by Jason Hawthorne, MD
When news broke across Paris that construction of Herzog & De Meuron’s controversial 42-storey Triangle Tower is to go ahead the world sat up and paid attention. It will be the city’s first new skyscraper since the 1970s and will transform the city’s famous skyline.
It is a decision that is surely driven by the realisation that for Paris to retain its world-class status in competition with the emerging cities of Asia and Latin America it needs to grow, and the only way it can grow is upwards.
With 42 floors this is a radical departure from the low-rise unchanging beauty for which it has long been famed, and this dramatic decision will present planners, architects and developers with a host of new questions to consider.
Retaining London’s status
Paris is not alone. Property professionals in cities across the world are facing these questions. The focus to retain London’s status as a world class city is one of the drivers for the ongoing debate on planning and architecture. These issues matter to Londoners just as much as they do to Parisians.
Yet, planning on this scale requires a clear view of the long-term. Take the Government’s London View Management Framework (LVMF) an attempt to preserve 27 major sightlines to key historical spots. It was the reason the developers behind the Leadenhall Building, or Cheesegrater, were obliged to cut a chunk off its silhouette, at great cost, but it also opens up a whole host of questions.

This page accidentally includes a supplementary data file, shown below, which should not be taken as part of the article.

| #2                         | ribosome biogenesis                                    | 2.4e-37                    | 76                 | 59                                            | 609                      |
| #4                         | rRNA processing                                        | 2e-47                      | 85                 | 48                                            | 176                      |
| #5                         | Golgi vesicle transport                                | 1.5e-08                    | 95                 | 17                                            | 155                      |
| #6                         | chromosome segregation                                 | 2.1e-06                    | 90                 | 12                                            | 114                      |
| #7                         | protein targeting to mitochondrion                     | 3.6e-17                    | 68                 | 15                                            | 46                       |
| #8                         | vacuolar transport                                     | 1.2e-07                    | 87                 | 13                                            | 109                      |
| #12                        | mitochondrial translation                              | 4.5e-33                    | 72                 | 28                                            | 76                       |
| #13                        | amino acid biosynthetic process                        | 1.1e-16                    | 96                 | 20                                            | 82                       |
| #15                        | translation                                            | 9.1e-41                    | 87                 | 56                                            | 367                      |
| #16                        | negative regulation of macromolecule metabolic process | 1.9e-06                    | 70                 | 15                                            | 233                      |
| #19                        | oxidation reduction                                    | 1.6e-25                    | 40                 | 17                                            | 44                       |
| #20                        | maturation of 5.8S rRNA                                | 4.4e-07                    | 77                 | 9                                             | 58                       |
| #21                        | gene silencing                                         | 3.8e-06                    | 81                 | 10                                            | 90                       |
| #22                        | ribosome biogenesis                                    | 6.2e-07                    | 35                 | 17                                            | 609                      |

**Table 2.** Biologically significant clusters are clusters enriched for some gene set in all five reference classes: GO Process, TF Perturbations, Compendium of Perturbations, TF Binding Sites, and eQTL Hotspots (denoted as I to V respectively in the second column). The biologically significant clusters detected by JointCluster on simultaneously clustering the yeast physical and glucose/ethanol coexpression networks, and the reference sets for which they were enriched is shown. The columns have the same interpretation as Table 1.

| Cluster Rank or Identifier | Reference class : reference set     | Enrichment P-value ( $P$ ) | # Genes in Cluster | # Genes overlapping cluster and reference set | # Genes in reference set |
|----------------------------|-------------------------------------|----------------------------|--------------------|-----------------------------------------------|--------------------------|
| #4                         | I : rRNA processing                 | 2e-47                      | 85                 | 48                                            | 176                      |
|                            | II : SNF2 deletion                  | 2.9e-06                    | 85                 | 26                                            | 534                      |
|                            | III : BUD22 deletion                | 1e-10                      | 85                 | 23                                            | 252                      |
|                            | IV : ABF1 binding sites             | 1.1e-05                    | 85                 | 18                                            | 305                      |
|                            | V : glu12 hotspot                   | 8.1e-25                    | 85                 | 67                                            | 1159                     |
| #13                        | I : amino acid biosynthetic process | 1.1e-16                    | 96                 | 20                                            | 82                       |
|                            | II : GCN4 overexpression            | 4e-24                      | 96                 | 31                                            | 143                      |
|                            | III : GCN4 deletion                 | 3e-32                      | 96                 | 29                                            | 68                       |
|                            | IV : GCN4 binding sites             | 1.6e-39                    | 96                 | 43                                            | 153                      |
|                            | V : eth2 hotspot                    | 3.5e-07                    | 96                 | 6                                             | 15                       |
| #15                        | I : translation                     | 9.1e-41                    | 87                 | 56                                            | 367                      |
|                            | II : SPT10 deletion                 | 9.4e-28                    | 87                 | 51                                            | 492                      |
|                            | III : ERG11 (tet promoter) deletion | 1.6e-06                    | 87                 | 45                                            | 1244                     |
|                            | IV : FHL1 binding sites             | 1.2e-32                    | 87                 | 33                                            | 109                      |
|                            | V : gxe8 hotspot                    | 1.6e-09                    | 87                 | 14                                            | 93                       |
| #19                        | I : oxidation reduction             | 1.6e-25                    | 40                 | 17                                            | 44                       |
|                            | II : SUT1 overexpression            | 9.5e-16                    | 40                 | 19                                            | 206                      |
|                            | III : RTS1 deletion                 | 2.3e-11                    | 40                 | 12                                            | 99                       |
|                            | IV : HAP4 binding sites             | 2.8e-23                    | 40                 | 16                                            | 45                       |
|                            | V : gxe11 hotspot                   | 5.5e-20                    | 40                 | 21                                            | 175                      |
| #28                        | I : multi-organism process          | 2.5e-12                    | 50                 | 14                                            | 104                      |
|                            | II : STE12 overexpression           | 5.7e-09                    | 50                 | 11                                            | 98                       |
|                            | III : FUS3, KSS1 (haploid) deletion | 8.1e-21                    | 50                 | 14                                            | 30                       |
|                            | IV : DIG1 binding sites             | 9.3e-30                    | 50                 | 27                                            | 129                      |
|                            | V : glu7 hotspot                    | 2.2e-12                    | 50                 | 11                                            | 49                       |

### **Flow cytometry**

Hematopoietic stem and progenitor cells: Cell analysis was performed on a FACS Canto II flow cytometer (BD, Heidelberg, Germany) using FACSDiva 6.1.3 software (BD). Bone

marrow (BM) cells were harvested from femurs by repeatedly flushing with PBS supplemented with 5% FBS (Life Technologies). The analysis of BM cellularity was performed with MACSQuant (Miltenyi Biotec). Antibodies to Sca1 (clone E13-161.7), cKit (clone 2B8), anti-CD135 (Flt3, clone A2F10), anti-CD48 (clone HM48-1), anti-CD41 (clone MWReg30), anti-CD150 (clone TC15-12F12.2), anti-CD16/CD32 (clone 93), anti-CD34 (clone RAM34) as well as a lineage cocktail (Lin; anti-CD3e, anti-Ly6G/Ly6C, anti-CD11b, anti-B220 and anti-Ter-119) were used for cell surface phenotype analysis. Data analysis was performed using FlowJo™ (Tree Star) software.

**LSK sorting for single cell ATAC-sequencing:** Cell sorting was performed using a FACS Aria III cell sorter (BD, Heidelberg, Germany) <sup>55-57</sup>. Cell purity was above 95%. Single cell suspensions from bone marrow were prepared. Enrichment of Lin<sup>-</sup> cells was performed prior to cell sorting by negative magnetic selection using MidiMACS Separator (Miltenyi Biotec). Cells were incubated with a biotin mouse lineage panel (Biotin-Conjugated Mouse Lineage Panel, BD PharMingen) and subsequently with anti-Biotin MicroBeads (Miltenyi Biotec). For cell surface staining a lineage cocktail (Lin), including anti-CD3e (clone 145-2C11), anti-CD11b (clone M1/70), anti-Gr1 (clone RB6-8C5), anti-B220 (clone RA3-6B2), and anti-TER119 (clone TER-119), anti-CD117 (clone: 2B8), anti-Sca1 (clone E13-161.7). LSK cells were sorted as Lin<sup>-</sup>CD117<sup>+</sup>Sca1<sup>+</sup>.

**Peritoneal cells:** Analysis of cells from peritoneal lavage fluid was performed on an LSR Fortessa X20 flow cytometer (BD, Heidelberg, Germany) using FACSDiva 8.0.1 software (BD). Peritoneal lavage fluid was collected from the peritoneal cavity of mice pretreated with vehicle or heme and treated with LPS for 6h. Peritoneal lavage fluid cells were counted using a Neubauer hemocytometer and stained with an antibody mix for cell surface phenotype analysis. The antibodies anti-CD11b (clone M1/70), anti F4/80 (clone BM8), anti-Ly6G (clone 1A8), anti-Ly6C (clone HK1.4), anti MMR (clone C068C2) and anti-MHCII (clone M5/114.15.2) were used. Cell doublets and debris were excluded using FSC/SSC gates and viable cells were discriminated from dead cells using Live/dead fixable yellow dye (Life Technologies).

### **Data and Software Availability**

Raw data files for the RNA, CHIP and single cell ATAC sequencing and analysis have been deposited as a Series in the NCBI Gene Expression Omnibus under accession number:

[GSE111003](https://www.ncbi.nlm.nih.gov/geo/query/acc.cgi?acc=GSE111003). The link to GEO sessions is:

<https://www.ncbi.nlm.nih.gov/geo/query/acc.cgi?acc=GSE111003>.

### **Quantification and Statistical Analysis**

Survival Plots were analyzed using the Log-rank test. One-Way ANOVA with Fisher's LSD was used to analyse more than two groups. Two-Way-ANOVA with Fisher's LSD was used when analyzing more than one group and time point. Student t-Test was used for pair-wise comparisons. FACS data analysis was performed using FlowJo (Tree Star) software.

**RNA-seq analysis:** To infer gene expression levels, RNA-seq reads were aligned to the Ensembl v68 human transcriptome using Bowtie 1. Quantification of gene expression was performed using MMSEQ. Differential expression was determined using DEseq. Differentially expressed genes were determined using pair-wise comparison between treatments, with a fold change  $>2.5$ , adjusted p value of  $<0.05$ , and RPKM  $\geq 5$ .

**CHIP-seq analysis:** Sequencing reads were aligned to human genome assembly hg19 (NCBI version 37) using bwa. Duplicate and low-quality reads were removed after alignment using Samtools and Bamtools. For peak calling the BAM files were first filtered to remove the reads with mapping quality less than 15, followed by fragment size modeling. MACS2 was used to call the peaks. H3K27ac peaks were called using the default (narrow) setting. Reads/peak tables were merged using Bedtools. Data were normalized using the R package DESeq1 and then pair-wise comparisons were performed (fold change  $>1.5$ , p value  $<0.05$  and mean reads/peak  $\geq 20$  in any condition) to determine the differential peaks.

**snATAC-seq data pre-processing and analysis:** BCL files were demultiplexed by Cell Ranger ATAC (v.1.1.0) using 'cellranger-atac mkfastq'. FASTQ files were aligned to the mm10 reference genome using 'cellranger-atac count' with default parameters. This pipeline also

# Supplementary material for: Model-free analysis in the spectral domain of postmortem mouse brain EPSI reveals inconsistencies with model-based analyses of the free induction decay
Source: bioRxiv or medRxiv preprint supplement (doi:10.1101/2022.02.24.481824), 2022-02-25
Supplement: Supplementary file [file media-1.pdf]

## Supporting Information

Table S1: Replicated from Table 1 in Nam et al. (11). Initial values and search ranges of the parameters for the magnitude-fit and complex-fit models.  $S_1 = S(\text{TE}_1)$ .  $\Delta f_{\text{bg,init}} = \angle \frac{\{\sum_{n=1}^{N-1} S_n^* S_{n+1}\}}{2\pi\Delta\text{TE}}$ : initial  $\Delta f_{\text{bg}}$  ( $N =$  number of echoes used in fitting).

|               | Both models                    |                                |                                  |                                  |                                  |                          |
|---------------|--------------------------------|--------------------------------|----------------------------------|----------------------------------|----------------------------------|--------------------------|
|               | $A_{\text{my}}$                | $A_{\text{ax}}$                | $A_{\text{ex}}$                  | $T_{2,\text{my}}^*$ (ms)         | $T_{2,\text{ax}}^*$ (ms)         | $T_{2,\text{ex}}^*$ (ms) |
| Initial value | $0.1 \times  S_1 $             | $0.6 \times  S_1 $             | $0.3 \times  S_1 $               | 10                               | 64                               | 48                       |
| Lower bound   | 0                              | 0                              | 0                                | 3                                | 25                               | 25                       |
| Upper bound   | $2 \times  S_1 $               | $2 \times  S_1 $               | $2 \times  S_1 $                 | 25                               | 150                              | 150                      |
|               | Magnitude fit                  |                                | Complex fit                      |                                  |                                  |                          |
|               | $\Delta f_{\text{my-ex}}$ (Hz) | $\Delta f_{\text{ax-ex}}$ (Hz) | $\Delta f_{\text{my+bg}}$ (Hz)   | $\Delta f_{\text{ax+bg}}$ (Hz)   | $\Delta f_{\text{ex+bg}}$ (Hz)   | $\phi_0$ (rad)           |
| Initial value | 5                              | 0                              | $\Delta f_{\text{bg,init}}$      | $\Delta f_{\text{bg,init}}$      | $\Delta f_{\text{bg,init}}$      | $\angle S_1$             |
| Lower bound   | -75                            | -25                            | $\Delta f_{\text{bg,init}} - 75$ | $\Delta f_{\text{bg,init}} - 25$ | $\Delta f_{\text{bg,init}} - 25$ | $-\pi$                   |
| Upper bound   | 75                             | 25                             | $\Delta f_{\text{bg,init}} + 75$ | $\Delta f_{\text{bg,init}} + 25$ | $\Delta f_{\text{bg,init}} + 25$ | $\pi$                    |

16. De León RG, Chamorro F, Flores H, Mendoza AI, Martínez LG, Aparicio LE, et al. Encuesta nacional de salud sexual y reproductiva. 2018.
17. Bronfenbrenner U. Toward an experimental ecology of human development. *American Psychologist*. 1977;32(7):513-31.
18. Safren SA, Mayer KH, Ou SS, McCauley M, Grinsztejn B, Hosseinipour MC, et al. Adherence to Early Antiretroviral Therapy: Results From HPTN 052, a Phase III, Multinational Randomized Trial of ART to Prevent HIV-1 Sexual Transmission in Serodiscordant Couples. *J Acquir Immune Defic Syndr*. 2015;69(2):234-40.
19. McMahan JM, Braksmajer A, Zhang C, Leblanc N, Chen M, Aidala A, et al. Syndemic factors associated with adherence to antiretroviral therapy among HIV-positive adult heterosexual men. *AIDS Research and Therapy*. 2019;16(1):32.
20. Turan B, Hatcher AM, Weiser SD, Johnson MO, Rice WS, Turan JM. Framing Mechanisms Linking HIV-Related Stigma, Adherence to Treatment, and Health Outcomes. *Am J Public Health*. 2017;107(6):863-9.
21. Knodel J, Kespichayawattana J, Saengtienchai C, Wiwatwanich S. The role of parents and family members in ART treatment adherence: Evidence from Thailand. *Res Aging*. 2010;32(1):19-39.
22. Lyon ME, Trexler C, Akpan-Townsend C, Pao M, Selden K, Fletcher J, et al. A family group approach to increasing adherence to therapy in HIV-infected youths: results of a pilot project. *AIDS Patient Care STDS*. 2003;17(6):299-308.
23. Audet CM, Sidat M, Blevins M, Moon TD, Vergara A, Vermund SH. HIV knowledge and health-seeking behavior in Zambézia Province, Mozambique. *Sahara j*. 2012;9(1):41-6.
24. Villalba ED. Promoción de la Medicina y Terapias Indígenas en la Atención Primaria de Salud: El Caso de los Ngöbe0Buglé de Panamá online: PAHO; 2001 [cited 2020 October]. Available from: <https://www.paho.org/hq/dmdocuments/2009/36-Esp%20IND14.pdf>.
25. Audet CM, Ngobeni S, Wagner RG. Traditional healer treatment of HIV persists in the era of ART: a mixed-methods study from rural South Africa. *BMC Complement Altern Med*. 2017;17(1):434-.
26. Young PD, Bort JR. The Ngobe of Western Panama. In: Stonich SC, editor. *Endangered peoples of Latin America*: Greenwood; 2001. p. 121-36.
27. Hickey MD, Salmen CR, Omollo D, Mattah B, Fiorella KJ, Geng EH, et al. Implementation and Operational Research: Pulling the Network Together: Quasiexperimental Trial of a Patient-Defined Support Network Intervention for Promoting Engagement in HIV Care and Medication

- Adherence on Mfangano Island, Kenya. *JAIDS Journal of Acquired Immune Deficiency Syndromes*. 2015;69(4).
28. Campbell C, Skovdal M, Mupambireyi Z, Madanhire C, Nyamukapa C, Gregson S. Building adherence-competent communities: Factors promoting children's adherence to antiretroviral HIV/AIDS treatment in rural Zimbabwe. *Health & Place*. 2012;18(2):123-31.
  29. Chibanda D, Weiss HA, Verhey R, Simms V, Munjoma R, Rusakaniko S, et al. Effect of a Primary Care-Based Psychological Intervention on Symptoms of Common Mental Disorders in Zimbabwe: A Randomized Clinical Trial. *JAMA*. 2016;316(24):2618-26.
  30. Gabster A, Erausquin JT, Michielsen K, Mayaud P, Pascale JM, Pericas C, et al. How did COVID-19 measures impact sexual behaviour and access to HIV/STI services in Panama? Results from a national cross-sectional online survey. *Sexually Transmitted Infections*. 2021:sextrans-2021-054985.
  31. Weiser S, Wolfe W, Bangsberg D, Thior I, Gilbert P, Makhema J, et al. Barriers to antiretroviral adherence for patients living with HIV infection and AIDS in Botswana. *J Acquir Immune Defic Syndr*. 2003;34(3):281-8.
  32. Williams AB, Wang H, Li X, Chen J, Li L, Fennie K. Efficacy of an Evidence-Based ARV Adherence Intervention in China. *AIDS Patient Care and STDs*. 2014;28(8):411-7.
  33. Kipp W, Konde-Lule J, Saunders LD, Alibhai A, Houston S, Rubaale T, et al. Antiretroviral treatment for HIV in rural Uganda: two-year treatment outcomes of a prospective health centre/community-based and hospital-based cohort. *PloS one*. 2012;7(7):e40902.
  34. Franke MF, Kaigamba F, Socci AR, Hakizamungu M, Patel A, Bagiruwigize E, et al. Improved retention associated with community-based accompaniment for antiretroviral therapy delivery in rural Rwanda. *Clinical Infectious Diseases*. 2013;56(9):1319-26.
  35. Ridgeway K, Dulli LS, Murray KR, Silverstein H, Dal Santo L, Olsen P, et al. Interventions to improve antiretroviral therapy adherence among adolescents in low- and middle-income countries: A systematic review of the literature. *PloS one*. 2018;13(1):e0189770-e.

Sightlines and heritage matter but how do we balance them out against the needs of business and our economy? How will the city look in 50 years, if we keep the LVMF as it currently is? Will our tallest buildings be built around these sightlines, producing a series of wind tunnels starfishing out from our major historical hotspots? Will that leave London as a world class city?
As Boris Johnson said in the foreword to the Framework: “High quality, well-designed and thoughtfully located new buildings can add to our enjoyment of our city. They can help grow our economy, add vitality to our streets and complement our existing historic buildings, places and parks. However, it is important that we find a way of ensuring that new development fits with our built heritage so that London continues to be a desirable place to live, work and do business.”
These are major decisions for London. To give our planners – and indeed all of us – the best chance of making the right decisions we need information. What we need really is a clear view of the future.
A new type of digital tool is emerging to meet this growing need. VU.CITY,is the first 3D interactive digital map of central London. If applied to this issue it would allow us to map out the alternatives. Everything proposed could go into the model, and the consequent impact – on infrastructure, social interactivity, services and business – could be measured. Then, we could really start to understand the bigger picture, and make the right decisions.
New world class cities are emerging every year. If London is to keep up in the race to prominence we need 20:20 foresight – that is the only way to begin a truly informed debate. That has always been wishful thinking, but now, thanks to modern digital technology, the future is finally coming into view.